The Last Stand of the Stagecoach
As the stagecoach became a popular means of transportation, resourceful Cape Codders turned their homes into “stages” or stations offering food, rest, and libations for weary travelers.
David Dimmick’s family home in Cataumet served as one of these taverns from 1795–1910 and was the noontime stop between Sandwich and Falmouth, then an all-day trip as the horses plodded barely above walking speed.
From the graceful, rolling lawn to the broad, painted floorboards and detailed wainscoting inside, nearly everything in the home recalls the days of taverns and stagecoaches. The comfortable “common room” in the middle of the house still serves as hub to all the smaller connecting rooms.
A front parlor was once reserved for formal occasions, “such as visits from the minister,” says Dimmick. Among Dimmick’s prized possessions is the tavern’s 1795 wooden sign painted with an American eagle and 15 stars and stripes. “Tennessee had just entered the Union at that time,” he explains. Although the family’s first tavern house burned down and was rebuilt in 1876, a photo of the
building still hangs in the parlor and includes the original barn, which remains on the property.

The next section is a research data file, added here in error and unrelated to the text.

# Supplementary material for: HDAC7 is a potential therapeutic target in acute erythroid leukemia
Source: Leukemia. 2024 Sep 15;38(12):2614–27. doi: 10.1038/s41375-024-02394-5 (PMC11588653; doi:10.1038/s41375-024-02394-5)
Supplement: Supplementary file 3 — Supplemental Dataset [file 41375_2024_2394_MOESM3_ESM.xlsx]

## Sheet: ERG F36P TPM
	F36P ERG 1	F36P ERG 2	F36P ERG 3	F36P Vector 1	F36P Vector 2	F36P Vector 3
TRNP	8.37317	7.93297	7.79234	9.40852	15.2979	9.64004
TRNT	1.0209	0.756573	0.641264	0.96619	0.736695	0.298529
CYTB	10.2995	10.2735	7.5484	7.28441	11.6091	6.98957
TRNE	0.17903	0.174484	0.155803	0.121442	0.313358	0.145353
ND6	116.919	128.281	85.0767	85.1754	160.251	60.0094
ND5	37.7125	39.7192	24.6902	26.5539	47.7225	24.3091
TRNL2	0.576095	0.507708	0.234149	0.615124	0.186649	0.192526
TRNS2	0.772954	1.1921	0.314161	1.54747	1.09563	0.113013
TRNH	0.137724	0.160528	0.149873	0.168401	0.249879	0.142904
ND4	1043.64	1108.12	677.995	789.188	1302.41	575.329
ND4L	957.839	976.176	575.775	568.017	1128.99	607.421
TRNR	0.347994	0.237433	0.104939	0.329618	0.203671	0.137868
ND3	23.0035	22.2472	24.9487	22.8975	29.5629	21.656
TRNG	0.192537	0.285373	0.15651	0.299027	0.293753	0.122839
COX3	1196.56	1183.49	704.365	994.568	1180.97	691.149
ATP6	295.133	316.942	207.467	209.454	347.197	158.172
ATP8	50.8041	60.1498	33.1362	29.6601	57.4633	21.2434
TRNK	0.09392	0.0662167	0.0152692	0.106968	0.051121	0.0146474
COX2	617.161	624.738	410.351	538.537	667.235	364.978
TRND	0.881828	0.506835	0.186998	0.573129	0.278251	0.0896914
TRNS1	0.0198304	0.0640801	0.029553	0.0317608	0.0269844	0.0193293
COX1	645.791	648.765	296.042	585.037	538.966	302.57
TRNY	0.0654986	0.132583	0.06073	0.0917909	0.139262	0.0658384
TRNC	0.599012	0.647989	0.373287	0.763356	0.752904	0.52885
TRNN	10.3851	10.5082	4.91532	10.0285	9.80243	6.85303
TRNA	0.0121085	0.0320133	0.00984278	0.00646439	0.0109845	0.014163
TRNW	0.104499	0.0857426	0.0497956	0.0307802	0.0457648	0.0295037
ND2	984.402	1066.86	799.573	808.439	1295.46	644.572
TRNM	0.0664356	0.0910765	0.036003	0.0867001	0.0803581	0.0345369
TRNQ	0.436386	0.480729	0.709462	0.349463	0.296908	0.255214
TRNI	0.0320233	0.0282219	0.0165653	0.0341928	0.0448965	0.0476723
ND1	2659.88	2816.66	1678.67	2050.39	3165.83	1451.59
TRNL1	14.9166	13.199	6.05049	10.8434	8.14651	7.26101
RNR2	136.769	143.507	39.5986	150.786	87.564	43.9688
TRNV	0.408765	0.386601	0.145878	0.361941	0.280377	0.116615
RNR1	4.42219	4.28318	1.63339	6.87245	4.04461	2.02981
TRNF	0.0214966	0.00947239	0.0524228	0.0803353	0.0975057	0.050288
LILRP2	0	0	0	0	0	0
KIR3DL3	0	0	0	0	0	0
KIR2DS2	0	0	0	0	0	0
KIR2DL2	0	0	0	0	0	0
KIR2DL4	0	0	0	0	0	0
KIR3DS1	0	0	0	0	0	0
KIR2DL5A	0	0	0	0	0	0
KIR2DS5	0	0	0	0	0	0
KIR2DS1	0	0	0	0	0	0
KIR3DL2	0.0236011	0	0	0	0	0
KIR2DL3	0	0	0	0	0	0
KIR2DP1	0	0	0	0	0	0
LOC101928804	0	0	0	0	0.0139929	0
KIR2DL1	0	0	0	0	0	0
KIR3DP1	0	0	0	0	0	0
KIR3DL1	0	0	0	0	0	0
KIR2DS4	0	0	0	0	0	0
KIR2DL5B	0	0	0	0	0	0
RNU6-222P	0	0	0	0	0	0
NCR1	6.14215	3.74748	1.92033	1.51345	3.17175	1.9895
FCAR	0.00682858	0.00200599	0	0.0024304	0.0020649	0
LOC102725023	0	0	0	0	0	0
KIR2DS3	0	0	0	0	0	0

Glimpses of history are everywhere, from the wavy glass of the 19th-century windowpanes to the Chinese chestnut trees, offshoots of his grandfather’s original tree, blooming in front of the barn, where 200 years ago, stagecoach horses were stabled and changed.
Dimmick believes his relatives, like most Cape Codders of prior centuries, farmed, fished, sailed, and cobbled together a living by multiple means, including tavern keeping. A back bedroom housed boarders, including the teacher from Cataumet’s one-room schoolhouse. In fact, both Dimmick’s grandfather and great grandfather married the schoolteachers who boarded there.
Everything changed for the stagecoach with the advent of the Cape Cod Railroad in 1848. By the time the tracks extended all the way to Provincetown in 1873, trains were nudging the slow moving stagecoach into the history books, which, according to at least one newspaper editor, is where it belonged. John Crocker, the then-editor of the Provincetown Advocate, heralded the first train to town, writing: “We have long felt our isolation.” He was elated that the train had finally “brought low the hills of sand.”
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